Vertical Farms Could Solve Food Production Problems, Opinion Piece Says
"If climate change and population growth progress at their current pace, in roughly 50 years farming as we know it will no longer exist," which means that the "majority of people could soon be without enough food or water," Dickson Despommier, a professor of public health at Columbia University, warns in a New York Times opinion piece. "But there is a solution that is surprisingly within reach: Move most farming into cities, and grow crops in tall, specially constructed buildings. It's called vertical farming," he writes.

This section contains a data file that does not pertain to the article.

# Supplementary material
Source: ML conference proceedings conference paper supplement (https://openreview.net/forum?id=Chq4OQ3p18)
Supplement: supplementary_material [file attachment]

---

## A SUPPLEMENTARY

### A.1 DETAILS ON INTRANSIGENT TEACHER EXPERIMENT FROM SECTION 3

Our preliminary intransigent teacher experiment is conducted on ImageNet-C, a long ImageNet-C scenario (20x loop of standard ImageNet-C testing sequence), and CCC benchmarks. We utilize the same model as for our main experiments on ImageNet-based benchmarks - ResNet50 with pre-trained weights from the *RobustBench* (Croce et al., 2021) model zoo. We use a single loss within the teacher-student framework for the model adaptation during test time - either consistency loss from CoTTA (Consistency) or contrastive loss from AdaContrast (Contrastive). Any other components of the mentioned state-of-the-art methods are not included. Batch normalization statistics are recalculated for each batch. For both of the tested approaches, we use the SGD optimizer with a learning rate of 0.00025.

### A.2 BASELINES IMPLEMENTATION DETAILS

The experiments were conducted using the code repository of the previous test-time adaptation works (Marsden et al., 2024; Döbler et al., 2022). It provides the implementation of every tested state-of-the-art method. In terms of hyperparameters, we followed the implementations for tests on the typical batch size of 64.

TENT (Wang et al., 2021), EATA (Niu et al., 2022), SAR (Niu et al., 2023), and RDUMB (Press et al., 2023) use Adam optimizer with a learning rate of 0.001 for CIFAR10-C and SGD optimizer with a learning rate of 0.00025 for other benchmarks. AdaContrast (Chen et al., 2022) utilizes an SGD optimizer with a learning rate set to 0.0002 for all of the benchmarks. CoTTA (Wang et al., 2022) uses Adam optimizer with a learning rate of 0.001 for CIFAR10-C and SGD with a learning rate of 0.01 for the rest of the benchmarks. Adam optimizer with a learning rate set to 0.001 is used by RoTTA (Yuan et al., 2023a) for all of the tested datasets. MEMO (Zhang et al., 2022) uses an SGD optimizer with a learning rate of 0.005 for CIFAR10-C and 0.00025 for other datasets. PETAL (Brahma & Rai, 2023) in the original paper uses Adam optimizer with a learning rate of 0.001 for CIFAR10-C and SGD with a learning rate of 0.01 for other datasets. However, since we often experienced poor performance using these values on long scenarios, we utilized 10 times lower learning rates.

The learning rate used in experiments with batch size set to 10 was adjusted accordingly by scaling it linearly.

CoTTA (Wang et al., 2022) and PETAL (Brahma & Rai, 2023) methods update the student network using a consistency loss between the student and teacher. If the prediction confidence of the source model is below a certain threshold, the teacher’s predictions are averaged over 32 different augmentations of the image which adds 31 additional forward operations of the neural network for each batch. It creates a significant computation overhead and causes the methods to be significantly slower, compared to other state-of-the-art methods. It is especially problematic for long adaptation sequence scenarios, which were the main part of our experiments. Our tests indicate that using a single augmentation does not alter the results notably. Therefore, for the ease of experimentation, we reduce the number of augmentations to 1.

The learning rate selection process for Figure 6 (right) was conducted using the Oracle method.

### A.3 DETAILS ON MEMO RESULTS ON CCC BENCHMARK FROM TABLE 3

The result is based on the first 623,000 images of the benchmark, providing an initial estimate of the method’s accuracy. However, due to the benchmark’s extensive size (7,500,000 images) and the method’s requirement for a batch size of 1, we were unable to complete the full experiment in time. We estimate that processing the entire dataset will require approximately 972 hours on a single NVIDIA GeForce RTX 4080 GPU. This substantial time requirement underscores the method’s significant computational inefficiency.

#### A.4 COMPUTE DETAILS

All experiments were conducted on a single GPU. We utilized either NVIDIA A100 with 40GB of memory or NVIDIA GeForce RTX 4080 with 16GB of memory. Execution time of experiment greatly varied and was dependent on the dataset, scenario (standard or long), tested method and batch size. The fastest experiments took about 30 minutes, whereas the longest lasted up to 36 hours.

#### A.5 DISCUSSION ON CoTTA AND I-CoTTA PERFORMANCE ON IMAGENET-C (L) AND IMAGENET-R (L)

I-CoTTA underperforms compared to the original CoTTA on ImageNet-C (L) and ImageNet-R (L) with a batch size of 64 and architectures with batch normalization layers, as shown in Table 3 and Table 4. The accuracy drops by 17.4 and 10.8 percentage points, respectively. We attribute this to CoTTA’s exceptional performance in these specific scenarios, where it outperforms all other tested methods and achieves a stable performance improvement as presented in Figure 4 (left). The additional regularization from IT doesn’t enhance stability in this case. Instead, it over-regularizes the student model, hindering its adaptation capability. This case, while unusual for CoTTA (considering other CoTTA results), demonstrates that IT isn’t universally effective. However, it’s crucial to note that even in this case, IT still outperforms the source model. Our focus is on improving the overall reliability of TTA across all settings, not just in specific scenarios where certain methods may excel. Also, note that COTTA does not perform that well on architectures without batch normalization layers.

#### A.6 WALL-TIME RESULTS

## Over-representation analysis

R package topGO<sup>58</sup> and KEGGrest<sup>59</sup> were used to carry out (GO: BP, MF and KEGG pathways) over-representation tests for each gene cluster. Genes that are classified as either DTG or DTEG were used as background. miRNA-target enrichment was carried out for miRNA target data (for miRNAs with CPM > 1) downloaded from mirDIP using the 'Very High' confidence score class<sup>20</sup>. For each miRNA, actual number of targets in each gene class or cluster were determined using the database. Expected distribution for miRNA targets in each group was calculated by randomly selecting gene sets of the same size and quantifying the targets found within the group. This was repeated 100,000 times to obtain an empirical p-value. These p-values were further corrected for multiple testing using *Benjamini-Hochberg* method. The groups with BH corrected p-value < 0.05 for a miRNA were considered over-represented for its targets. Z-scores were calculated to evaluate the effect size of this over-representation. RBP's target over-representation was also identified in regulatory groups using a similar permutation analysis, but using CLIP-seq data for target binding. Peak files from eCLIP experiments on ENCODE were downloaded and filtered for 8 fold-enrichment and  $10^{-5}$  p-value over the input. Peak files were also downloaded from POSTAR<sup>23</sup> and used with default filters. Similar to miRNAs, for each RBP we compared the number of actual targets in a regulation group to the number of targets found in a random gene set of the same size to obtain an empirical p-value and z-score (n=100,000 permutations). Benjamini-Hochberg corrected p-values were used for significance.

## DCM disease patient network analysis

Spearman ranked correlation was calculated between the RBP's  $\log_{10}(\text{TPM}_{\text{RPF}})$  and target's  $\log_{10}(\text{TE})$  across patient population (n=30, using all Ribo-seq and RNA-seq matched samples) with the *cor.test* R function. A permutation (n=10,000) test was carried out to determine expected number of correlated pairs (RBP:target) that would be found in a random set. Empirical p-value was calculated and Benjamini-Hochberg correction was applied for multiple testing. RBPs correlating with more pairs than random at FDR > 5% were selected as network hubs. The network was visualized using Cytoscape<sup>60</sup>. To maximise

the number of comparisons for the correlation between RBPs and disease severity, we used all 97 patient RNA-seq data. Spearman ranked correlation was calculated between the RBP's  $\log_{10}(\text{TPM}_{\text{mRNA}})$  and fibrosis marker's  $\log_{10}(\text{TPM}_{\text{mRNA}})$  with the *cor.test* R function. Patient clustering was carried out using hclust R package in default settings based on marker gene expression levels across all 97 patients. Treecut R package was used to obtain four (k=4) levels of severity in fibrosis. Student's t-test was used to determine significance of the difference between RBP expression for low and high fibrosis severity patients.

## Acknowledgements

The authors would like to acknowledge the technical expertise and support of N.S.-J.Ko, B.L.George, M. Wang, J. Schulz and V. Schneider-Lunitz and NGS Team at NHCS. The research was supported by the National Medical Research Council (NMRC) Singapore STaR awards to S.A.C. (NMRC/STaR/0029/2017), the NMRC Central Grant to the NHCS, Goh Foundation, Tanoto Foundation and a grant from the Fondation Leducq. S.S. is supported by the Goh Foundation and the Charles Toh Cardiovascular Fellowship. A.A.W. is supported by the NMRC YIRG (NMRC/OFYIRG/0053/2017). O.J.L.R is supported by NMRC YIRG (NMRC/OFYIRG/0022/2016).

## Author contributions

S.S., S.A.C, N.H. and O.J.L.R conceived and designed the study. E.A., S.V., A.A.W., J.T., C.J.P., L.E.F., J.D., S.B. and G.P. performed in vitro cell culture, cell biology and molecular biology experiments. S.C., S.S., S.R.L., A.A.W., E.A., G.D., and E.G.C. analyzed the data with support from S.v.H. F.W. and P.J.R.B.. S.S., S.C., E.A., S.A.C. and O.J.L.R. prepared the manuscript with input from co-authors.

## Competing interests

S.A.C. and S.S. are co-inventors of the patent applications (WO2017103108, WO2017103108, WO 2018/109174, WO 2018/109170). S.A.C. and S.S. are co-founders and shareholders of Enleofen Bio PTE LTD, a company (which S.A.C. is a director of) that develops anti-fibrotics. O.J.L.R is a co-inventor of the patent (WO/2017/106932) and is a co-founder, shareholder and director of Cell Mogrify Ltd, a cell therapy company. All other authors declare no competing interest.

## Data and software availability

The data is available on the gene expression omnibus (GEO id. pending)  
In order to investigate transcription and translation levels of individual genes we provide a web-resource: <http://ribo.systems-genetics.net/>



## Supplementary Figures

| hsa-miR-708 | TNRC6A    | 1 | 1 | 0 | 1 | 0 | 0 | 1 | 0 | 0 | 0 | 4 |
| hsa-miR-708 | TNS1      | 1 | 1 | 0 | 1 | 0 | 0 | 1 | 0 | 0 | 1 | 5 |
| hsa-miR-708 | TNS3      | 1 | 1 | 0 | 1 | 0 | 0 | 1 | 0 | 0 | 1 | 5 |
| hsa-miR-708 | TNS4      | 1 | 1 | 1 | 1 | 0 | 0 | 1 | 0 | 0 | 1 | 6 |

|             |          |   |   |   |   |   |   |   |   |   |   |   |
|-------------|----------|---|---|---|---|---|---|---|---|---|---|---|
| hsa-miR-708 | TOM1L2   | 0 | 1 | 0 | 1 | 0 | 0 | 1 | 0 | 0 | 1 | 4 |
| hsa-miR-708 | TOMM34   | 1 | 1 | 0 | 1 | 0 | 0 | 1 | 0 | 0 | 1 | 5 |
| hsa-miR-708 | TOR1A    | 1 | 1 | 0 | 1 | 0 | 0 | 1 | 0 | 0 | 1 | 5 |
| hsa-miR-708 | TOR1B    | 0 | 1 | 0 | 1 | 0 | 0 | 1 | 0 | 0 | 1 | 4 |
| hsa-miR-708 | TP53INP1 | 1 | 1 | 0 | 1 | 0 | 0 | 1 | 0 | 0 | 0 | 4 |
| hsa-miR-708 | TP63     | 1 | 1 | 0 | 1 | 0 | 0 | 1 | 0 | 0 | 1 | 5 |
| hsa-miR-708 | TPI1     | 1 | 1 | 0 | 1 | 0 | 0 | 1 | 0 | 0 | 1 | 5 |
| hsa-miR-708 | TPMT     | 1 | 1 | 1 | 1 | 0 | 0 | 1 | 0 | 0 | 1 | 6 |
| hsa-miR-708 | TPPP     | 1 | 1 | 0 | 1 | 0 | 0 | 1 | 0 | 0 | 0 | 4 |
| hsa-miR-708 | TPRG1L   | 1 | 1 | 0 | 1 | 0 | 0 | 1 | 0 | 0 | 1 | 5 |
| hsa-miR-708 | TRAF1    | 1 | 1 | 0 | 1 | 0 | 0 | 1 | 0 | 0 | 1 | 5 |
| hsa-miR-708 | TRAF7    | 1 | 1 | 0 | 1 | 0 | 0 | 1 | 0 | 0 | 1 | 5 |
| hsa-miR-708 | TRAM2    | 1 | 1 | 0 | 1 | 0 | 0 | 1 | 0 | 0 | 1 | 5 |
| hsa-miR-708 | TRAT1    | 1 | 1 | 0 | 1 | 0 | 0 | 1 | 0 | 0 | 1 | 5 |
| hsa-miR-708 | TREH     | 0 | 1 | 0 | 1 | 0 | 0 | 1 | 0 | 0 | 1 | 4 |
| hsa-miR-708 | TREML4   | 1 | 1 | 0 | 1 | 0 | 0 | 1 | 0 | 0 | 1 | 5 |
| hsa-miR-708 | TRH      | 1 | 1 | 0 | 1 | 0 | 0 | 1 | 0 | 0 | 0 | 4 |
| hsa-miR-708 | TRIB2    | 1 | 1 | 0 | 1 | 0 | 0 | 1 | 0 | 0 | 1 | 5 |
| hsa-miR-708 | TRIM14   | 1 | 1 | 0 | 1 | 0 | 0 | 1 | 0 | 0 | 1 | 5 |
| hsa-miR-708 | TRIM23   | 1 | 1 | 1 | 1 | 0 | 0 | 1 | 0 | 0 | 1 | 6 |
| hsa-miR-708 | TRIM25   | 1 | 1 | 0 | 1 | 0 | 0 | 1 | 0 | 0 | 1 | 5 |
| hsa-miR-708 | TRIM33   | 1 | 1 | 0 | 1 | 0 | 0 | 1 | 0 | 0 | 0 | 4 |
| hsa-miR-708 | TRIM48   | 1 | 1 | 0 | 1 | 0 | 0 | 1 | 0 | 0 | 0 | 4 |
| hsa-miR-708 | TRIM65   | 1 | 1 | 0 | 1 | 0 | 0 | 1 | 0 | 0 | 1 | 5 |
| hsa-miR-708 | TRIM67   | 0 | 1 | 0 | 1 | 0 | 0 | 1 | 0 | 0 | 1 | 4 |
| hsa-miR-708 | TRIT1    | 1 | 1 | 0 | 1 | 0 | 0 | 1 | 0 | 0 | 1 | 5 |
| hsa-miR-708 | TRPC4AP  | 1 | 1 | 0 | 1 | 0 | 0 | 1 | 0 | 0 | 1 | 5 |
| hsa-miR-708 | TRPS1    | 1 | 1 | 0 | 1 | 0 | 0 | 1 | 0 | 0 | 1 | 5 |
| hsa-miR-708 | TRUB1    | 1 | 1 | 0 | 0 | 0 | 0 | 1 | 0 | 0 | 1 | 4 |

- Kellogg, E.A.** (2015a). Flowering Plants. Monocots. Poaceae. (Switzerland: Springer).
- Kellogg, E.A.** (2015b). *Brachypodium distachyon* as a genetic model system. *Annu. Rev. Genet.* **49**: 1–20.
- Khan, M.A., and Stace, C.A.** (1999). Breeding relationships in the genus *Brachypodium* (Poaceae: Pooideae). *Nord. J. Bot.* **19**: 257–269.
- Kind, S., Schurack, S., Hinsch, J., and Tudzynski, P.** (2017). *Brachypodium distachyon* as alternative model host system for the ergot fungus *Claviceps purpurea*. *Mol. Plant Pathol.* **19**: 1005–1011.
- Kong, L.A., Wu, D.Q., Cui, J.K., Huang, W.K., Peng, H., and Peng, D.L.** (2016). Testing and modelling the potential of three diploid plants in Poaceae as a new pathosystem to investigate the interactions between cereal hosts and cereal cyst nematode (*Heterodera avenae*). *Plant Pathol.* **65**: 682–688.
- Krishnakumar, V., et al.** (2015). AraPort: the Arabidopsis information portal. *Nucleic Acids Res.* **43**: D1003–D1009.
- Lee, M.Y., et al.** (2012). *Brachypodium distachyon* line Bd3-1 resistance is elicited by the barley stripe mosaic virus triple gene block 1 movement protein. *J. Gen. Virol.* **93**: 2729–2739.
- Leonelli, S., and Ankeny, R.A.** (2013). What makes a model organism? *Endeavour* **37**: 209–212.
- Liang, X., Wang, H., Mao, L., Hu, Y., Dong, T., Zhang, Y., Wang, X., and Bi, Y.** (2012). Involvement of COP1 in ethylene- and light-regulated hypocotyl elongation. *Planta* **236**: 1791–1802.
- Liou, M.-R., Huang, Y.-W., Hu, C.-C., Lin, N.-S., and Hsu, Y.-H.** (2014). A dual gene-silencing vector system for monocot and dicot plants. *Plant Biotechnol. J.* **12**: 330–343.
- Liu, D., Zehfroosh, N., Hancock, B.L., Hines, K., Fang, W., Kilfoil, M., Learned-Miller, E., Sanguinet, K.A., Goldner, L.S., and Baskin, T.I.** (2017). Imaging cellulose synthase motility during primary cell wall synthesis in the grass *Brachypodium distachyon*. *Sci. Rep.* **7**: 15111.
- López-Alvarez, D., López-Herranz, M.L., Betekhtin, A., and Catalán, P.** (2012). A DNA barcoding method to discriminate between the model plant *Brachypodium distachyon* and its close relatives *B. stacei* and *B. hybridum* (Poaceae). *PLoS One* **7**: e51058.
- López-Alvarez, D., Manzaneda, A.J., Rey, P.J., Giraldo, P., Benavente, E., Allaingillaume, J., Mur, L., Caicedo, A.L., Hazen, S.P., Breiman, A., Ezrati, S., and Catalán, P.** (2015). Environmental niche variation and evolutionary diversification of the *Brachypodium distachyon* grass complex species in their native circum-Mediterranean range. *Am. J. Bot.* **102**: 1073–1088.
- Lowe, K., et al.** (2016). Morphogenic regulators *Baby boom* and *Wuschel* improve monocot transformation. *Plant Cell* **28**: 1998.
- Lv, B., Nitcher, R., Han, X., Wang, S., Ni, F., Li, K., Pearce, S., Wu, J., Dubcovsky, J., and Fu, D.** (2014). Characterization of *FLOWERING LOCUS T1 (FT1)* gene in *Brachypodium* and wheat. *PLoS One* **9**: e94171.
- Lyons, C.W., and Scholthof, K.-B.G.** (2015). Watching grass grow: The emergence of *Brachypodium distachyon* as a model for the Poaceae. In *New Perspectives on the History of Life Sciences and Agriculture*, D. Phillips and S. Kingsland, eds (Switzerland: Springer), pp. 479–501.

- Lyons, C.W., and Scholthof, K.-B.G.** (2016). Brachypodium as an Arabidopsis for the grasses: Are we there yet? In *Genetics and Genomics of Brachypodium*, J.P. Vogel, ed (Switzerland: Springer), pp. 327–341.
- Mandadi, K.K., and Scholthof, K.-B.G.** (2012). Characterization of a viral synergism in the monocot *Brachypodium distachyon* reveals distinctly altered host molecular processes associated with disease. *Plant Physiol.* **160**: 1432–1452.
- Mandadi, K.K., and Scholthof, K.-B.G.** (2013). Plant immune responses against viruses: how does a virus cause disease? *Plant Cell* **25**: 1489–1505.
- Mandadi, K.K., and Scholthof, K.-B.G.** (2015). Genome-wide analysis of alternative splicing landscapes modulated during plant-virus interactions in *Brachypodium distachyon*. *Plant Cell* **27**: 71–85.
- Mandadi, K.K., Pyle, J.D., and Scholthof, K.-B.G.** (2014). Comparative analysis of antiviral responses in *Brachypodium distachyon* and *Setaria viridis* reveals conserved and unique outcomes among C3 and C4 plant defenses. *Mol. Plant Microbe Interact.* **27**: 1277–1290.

"The developed world must find new agricultural approaches before the world's hungriest come knocking on its door for a glass of clean water and a plate of disease-free rice and beans," Despommier writes. If vertical farms were set up in cities, food production "would take advantage of hydroponic and aeroponic technologies," which use "far less water than conventional cultivation techniques, in some cases as much as 90 percent less," according to Despommier. He notes that vertical farms could be established in "countries that are water-challenged - the Middle East readily comes to mind." In addition, vertical farming could "finally put an end to agricultural runoff, a major source of water pollution. Crops would never again be destroyed by floods or droughts," he writes, adding that financing for the farms "should come from private sources, including groups controlling venture-capital funds." Despommier concludes that as soon as "the first city takes that leap of faith, the world's first vertical farm could be less than a year away from coming to the aid of a hungry, thirsty world. Not a moment too soon" (Despommier, 8/23).This is part of the KHN Morning Briefing, a summary of health policy coverage from major news organizations. Sign up for an email subscription.